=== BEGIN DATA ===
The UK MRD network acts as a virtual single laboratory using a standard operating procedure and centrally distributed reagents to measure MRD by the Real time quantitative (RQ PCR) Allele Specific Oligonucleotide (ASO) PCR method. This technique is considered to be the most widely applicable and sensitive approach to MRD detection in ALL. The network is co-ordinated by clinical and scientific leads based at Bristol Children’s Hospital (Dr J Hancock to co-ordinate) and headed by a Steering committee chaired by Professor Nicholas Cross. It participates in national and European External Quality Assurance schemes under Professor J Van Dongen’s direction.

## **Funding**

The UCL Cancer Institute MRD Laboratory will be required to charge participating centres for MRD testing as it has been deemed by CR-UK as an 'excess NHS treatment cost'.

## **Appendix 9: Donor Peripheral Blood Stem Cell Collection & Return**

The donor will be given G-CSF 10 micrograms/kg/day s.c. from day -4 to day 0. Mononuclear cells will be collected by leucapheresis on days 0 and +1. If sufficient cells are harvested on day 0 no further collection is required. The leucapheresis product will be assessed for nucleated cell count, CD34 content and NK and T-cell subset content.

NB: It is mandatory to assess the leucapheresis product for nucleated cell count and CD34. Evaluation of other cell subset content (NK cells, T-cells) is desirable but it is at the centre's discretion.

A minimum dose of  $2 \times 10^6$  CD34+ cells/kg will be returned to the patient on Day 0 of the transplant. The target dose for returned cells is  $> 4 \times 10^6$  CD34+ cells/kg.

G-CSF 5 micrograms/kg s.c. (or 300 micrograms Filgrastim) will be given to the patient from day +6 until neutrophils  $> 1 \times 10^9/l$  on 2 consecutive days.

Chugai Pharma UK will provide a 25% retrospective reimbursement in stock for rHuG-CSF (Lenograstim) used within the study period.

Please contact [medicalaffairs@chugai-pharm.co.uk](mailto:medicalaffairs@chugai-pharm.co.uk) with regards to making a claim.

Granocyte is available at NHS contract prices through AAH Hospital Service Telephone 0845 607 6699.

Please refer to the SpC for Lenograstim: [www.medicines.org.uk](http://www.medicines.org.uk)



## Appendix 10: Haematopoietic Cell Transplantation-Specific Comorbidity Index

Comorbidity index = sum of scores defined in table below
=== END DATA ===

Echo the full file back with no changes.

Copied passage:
The UK MRD network acts as a virtual single laboratory using a standard operating procedure and centrally distributed reagents to measure MRD by the Real time quantitative (RQ PCR) Allele Specific Oligonucleotide (ASO) PCR method. This technique is considered to be the most widely applicable and sensitive approach to MRD detection in ALL. The network is co-ordinated by clinical and scientific leads based at Bristol Children’s Hospital (Dr J Hancock to co-ordinate) and headed by a Steering committee chaired by Professor Nicholas Cross. It participates in national and European External Quality Assurance schemes under Professor J Van Dongen’s direction.

## **Funding**

The UCL Cancer Institute MRD Laboratory will be required to charge participating centres for MRD testing as it has been deemed by CR-UK as an 'excess NHS treatment cost'.

## **Appendix 9: Donor Peripheral Blood Stem Cell Collection & Return**

The donor will be given G-CSF 10 micrograms/kg/day s.c. from day -4 to day 0. Mononuclear cells will be collected by leucapheresis on days 0 and +1. If sufficient cells are harvested on day 0 no further collection is required. The leucapheresis product will be assessed for nucleated cell count, CD34 content and NK and T-cell subset content.

NB: It is mandatory to assess the leucapheresis product for nucleated cell count and CD34. Evaluation of other cell subset content (NK cells, T-cells) is desirable but it is at the centre's discretion.

A minimum dose of  $2 \times 10^6$  CD34+ cells/kg will be returned to the patient on Day 0 of the transplant. The target dose for returned cells is  $> 4 \times 10^6$  CD34+ cells/kg.

G-CSF 5 micrograms/kg s.c. (or 300 micrograms Filgrastim) will be given to the patient from day +6 until neutrophils  $> 1 \times 10^9/l$  on 2 consecutive days.

Chugai Pharma UK will provide a 25% retrospective reimbursement in stock for rHuG-CSF (Lenograstim) used within the study period.

Please contact [medicalaffairs@chugai-pharm.co.uk](mailto:medicalaffairs@chugai-pharm.co.uk) with regards to making a claim.

Granocyte is available at NHS contract prices through AAH Hospital Service Telephone 0845 607 6699.

Please refer to the SpC for Lenograstim: [www.medicines.org.uk](http://www.medicines.org.uk)



## Appendix 10: Haematopoietic Cell Transplantation-Specific Comorbidity Index

Comorbidity index = sum of scores defined in table below